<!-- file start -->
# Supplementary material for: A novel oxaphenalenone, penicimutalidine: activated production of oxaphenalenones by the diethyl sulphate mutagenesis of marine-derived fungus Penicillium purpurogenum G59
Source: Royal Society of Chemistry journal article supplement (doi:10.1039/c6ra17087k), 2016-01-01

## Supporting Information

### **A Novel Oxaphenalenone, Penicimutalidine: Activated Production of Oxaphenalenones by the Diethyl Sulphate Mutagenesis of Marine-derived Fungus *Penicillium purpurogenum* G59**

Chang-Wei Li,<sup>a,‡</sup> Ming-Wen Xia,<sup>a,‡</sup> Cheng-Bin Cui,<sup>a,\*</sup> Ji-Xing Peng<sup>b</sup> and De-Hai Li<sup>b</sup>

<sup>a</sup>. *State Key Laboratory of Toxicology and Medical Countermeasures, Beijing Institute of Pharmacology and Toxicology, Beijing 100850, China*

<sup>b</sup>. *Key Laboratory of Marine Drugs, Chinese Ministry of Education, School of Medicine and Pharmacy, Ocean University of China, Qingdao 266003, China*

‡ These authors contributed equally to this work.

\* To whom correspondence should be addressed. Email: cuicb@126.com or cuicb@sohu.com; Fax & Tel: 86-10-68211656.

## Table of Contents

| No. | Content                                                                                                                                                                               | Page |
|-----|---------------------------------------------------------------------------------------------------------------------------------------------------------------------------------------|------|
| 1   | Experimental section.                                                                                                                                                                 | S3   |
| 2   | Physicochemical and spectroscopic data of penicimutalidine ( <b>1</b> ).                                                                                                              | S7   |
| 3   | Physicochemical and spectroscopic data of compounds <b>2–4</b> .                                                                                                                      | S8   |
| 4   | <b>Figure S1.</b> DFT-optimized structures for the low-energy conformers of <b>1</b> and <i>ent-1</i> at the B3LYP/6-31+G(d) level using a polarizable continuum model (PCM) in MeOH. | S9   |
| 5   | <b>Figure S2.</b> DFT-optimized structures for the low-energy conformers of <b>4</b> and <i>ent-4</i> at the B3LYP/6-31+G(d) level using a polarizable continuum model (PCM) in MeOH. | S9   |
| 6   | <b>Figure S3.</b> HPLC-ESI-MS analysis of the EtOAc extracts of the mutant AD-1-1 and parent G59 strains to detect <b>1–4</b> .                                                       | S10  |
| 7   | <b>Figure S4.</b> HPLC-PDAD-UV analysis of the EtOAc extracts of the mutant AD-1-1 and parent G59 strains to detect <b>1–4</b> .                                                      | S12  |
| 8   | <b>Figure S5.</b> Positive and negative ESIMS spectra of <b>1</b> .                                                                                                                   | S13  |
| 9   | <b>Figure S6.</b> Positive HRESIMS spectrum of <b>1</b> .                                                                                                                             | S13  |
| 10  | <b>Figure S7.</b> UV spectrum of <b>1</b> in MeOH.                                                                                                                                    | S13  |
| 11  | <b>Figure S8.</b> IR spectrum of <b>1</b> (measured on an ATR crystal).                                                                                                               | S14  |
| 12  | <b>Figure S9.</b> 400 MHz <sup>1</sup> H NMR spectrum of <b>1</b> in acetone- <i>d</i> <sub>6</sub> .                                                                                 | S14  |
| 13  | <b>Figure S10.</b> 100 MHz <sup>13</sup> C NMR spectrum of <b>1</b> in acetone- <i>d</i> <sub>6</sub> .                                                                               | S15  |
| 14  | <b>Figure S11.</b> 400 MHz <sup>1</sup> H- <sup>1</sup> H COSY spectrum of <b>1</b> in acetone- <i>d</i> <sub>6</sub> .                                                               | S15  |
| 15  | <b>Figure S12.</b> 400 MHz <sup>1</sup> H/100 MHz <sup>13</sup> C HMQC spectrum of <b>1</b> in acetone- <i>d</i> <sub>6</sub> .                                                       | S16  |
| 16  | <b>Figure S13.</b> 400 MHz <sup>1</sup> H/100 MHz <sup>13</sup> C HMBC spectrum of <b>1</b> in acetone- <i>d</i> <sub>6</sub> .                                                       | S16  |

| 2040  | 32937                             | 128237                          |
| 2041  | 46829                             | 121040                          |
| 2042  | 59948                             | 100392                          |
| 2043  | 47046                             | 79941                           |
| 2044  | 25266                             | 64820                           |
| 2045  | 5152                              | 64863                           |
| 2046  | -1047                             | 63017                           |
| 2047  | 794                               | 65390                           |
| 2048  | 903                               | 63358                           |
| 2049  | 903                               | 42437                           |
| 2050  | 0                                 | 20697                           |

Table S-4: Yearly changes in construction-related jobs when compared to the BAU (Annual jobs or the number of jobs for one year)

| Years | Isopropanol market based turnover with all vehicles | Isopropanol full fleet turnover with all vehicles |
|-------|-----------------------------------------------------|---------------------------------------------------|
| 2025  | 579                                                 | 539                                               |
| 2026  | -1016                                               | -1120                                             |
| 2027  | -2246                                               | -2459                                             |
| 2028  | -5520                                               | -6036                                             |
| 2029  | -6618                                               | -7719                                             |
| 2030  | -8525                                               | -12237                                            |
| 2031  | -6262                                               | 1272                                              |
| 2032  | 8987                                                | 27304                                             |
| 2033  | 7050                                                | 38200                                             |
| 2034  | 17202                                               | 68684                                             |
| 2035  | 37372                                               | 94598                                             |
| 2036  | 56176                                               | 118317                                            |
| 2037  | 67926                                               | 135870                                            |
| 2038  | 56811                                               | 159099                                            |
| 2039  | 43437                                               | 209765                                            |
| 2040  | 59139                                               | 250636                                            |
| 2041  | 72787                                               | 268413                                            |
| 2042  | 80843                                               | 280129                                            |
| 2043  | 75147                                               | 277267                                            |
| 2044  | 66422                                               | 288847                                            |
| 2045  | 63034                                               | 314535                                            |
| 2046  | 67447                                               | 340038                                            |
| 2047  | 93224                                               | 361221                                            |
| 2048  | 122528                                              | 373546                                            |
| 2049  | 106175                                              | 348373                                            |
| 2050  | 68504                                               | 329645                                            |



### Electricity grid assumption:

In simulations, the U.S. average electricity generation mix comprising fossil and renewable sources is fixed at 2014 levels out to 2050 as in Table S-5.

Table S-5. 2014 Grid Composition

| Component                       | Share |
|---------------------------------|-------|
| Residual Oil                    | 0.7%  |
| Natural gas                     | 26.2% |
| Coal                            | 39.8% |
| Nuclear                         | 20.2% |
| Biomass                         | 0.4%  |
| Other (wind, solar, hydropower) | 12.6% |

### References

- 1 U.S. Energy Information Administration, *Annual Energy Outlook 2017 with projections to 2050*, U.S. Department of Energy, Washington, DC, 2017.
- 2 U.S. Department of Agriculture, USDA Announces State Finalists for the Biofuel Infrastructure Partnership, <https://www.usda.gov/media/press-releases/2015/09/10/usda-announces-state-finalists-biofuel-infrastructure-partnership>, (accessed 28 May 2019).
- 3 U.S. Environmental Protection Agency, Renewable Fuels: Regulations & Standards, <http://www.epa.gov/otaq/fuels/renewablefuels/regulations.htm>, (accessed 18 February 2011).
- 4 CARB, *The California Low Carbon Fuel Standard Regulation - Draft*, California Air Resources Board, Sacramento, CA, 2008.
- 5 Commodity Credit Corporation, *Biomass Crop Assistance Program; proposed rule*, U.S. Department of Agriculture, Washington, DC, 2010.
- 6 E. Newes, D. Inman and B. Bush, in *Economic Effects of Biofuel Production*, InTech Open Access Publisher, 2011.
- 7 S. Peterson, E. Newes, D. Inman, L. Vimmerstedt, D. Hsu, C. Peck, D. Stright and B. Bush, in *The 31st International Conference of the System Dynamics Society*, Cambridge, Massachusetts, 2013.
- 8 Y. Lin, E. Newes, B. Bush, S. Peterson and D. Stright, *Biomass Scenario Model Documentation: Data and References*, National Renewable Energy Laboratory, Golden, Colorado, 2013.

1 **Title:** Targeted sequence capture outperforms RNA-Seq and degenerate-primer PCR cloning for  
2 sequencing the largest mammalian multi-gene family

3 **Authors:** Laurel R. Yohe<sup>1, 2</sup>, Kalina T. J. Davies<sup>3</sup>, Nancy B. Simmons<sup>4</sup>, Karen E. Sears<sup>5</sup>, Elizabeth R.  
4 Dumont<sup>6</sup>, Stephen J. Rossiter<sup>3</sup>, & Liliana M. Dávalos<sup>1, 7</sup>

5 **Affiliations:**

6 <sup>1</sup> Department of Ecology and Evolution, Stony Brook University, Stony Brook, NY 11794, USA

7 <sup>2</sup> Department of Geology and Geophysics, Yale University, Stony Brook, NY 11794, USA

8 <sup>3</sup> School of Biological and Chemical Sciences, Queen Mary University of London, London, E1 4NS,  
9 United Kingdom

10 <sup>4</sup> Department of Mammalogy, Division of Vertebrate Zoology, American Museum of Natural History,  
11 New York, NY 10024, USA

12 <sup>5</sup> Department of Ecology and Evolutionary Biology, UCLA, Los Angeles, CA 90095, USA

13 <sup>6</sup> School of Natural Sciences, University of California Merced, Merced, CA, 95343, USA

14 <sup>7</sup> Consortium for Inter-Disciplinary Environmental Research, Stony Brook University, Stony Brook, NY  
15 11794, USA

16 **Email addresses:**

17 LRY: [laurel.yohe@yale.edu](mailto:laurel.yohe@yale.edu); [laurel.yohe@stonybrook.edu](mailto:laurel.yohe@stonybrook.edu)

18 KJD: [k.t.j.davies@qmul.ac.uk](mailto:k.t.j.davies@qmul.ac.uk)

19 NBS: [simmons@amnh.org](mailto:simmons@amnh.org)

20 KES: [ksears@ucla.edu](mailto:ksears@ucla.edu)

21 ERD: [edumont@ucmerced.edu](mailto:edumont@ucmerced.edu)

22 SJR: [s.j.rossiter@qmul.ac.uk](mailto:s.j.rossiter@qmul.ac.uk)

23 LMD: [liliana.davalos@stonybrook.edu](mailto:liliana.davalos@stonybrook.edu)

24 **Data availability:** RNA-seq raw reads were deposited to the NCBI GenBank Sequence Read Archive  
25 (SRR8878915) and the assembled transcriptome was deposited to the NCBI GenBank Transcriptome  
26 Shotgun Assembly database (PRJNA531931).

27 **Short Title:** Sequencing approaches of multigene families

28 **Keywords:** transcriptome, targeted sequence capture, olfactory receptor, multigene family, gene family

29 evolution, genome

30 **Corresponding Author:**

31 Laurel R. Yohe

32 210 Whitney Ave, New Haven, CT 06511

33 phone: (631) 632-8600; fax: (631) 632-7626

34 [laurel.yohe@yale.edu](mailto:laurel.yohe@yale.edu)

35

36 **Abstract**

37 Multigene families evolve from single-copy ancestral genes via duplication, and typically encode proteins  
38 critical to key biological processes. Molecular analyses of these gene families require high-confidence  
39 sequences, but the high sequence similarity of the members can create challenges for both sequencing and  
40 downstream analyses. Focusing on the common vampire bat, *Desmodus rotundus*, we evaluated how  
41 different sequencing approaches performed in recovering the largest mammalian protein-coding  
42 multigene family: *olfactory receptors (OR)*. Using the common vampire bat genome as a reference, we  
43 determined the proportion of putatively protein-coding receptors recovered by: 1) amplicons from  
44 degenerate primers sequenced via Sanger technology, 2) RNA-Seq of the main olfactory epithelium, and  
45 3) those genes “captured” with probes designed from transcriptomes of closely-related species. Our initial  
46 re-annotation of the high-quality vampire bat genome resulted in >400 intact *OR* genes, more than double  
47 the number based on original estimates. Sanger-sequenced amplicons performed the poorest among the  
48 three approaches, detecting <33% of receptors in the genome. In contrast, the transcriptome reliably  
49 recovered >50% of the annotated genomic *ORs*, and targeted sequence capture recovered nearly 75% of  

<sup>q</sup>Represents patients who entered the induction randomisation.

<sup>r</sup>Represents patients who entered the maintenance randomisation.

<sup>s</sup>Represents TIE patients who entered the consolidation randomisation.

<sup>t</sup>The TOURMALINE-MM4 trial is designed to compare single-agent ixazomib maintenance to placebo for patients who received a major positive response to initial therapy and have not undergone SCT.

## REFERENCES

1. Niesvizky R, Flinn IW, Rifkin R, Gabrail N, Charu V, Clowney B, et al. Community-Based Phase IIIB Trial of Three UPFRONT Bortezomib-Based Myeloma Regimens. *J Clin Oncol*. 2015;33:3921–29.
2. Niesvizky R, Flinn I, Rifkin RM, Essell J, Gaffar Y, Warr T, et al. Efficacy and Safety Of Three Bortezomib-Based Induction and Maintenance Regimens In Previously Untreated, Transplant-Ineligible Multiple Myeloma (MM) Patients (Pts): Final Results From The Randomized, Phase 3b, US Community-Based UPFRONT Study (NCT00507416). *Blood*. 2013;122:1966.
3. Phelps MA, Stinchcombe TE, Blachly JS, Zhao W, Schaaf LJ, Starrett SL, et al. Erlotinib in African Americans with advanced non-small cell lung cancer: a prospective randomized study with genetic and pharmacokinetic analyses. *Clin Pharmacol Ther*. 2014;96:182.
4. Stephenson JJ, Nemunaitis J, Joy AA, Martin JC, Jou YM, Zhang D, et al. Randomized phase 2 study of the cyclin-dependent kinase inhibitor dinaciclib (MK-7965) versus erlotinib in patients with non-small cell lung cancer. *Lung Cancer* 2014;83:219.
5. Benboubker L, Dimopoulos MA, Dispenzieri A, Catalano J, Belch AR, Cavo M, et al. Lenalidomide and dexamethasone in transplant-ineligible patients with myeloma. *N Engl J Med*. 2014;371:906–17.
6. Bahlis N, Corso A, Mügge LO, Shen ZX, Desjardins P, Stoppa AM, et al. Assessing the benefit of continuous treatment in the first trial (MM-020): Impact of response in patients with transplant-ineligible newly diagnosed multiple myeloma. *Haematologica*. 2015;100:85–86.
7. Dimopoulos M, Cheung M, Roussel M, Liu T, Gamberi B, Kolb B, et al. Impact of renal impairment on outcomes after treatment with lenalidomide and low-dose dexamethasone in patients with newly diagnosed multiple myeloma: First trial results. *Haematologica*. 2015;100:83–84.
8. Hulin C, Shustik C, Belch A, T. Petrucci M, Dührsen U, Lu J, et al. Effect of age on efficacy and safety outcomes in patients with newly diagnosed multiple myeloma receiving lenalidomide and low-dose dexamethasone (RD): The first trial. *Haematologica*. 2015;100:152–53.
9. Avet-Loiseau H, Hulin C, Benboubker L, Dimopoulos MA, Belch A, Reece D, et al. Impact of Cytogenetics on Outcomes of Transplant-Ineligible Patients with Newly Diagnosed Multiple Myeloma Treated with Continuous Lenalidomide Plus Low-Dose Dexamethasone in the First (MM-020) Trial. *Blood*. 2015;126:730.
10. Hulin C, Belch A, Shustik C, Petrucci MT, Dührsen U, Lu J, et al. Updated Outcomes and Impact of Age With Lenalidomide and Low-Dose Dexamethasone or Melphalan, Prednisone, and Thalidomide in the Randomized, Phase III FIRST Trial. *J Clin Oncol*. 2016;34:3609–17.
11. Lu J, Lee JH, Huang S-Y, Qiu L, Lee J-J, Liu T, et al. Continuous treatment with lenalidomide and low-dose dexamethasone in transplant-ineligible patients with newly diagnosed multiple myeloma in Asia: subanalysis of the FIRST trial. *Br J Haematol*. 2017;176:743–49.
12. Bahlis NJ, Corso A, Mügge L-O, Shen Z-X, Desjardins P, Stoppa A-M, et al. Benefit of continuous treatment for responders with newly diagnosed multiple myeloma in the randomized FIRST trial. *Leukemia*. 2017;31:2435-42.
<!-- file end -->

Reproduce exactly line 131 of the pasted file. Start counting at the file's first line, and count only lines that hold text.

43 determined the proportion of putatively protein-coding receptors recovered by: 1) amplicons from  